What is a Slot?

A slot is a special authorization to operate an aircraft at a particular airport on a specified day during a given time period. These slots are issued by EUROCONTROL and are used to manage air traffic congestion and save fuel by restricting flights to certain times of the day.

A Slot Receiver

The slot receiver is one of the most versatile players on a football team. They can play running back, wide receiver, and blocking. They are usually shorter than most outside receivers and have the speed and agility to outrun defenders on a regular basis.

They can also pick up blitzes from linebackers or secondary players and provide protection on outside run plays, giving the RB more space to operate. The slot receiver is an important part of the offense and a must have for every football team.

How Slot Machines Work

A slot machine is a device that uses reels to display pictures that pay out when they match a combination of symbols on a payline. To win, you need to get three or more matching pictures on the same payline.

Most machines today use a computer to run the game, rather than traditional gears and buttons. A computer tells the reels when to spin and stop, but not how much. A computer also makes sure that each pull has an equal chance of paying out.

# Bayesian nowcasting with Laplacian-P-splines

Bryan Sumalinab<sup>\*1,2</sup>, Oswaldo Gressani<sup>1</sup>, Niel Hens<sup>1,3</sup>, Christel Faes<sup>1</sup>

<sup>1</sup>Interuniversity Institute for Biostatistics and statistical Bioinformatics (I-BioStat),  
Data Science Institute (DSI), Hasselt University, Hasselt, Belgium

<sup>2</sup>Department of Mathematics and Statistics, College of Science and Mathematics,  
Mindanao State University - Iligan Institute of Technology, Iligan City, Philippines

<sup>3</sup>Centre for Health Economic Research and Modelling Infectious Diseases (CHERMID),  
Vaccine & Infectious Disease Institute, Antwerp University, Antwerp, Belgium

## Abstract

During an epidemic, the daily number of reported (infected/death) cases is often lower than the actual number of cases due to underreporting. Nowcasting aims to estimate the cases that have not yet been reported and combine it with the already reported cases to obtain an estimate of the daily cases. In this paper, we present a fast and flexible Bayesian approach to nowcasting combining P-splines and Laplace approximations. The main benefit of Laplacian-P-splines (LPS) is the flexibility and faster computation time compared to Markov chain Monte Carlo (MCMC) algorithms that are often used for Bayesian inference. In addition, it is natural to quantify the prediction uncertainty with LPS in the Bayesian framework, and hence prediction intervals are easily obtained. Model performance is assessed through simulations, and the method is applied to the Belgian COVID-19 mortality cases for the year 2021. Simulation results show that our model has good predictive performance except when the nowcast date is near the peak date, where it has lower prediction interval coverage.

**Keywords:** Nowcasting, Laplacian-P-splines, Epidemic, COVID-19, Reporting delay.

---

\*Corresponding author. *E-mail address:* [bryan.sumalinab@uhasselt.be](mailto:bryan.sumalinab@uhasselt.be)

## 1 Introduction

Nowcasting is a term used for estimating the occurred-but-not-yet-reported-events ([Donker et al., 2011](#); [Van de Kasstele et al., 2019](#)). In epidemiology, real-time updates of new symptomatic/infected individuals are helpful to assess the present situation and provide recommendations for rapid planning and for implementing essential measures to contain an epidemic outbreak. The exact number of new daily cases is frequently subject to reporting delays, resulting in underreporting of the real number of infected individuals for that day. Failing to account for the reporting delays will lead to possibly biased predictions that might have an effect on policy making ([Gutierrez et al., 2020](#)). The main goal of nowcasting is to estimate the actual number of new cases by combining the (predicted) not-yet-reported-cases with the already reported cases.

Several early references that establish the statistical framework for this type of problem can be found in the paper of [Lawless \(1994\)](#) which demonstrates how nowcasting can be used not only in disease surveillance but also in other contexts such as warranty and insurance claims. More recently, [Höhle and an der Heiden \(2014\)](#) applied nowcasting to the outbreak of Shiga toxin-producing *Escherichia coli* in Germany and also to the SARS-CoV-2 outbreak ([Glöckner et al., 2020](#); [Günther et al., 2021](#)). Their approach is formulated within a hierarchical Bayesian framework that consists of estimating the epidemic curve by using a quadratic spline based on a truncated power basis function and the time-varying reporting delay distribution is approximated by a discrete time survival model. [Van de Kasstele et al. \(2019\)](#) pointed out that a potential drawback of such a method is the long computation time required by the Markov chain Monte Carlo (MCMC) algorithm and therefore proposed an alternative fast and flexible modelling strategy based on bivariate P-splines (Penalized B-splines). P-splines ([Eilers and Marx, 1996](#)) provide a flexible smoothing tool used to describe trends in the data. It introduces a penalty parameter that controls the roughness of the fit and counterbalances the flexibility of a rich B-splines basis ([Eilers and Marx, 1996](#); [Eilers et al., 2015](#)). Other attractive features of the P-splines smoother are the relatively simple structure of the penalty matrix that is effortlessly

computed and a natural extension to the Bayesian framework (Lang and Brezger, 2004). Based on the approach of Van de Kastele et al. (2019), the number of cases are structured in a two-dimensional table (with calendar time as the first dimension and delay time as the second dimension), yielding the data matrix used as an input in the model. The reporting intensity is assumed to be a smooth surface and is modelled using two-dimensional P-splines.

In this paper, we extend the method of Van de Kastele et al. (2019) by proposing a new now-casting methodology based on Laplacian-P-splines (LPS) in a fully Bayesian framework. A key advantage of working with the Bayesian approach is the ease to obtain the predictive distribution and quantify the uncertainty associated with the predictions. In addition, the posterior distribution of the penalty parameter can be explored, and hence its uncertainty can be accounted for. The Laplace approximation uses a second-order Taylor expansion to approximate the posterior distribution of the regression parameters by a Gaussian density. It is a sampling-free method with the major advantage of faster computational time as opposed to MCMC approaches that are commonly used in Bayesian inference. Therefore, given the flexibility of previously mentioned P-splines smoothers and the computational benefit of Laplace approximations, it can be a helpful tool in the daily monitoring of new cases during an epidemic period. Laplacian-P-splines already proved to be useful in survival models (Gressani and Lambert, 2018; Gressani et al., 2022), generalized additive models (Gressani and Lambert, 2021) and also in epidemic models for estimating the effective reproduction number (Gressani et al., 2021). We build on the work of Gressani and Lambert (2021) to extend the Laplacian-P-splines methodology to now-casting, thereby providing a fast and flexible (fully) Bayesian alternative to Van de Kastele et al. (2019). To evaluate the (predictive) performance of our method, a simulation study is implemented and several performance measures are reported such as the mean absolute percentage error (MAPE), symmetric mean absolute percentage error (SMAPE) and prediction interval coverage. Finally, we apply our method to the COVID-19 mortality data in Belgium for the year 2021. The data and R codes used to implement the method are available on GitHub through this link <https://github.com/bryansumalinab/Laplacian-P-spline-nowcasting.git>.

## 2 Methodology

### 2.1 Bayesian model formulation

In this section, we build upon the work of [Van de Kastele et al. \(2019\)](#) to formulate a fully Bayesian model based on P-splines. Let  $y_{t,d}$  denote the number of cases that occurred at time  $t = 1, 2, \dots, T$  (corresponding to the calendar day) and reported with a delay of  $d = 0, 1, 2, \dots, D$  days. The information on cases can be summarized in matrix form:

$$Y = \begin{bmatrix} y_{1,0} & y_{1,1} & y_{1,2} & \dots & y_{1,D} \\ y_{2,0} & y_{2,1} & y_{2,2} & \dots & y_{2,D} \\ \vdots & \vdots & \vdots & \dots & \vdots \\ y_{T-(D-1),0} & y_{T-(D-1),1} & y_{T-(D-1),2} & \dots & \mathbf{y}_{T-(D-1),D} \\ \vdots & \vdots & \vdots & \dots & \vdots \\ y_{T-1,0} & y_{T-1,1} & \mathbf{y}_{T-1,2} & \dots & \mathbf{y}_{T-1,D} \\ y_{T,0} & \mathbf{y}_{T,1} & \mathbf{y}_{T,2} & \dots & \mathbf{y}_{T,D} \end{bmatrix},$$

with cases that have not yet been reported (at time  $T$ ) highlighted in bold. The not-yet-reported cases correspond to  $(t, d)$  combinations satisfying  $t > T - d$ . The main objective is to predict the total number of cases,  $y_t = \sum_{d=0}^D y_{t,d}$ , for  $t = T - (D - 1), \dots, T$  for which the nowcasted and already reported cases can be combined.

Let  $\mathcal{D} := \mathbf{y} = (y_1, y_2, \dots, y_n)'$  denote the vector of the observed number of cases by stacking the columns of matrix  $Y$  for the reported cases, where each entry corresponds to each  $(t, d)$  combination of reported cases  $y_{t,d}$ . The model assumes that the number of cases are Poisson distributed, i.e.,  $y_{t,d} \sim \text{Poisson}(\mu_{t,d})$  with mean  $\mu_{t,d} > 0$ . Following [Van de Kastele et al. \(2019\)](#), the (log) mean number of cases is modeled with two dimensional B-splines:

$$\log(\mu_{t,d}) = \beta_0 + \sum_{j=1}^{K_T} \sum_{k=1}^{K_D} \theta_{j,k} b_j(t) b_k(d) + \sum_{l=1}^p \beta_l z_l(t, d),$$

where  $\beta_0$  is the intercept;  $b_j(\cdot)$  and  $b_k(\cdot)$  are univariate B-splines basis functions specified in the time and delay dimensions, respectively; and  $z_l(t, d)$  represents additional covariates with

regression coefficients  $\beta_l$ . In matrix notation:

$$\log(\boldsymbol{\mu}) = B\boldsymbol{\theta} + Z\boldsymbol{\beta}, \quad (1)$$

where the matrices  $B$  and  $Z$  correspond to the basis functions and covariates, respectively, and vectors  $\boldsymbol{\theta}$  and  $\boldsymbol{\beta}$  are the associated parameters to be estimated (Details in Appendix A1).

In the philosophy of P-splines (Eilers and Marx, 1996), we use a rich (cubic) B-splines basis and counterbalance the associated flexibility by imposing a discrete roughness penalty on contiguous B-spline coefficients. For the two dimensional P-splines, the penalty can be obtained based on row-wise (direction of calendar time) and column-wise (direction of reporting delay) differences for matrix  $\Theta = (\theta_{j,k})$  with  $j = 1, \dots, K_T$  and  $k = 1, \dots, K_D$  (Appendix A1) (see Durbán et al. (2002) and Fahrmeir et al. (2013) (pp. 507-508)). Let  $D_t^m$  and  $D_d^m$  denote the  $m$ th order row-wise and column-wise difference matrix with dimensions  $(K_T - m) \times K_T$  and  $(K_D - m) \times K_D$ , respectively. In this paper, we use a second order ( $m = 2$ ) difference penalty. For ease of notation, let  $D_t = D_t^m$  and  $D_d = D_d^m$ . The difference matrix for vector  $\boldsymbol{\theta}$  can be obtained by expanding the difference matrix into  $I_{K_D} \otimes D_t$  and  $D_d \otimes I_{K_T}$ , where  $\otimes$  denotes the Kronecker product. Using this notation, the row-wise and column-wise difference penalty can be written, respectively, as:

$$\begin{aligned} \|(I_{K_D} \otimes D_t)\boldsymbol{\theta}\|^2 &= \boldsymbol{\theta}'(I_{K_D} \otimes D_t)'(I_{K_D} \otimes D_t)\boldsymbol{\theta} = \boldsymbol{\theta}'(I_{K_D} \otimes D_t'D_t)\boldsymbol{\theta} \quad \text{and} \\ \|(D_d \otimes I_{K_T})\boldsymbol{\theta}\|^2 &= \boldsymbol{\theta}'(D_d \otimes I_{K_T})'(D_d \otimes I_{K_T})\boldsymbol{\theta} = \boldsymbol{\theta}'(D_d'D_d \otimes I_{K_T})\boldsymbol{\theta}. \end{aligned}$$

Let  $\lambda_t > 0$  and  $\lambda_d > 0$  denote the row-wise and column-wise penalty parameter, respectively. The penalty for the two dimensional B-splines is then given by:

This system is called Random Number Generator (RNG) and it has been around since the early days of gambling. RNG is based on mathematical algorithms that calculate the probability of winning and losing, allowing the machine to generate random numbers and display them in order to determine a payout.

The system is also designed so that the odds of a winning symbol are lower than the odds of a losing symbol, which gives the player the illusion that a winning symbol is more likely to hit than it actually is.

There is a lot of controversy about this and some studies have shown that it can be detrimental to player behavior. For example, the illusion that a symbol is more likely to hit than another can lead the player to play more often than they should.

Some systems also assign a different probability to each symbol on the reels, which can result in the illusion that a certain symbol is more likely to hit than it actually has a high probability of hitting. This is a problem because it can affect the players’ judgment of whether or not they should continue playing.

In addition to the random number generator, modern slot machines have microprocessors that make calculations based on a large amount of data, including how many times each symbol has been drawn and the payline’s win percentage. These calculations can help the manufacturers create a more consistent payout schedule, which in turn can increase the players’ enjoyment of the game. However, it can also cause players to think that they are more likely to hit a jackpot than they actually are.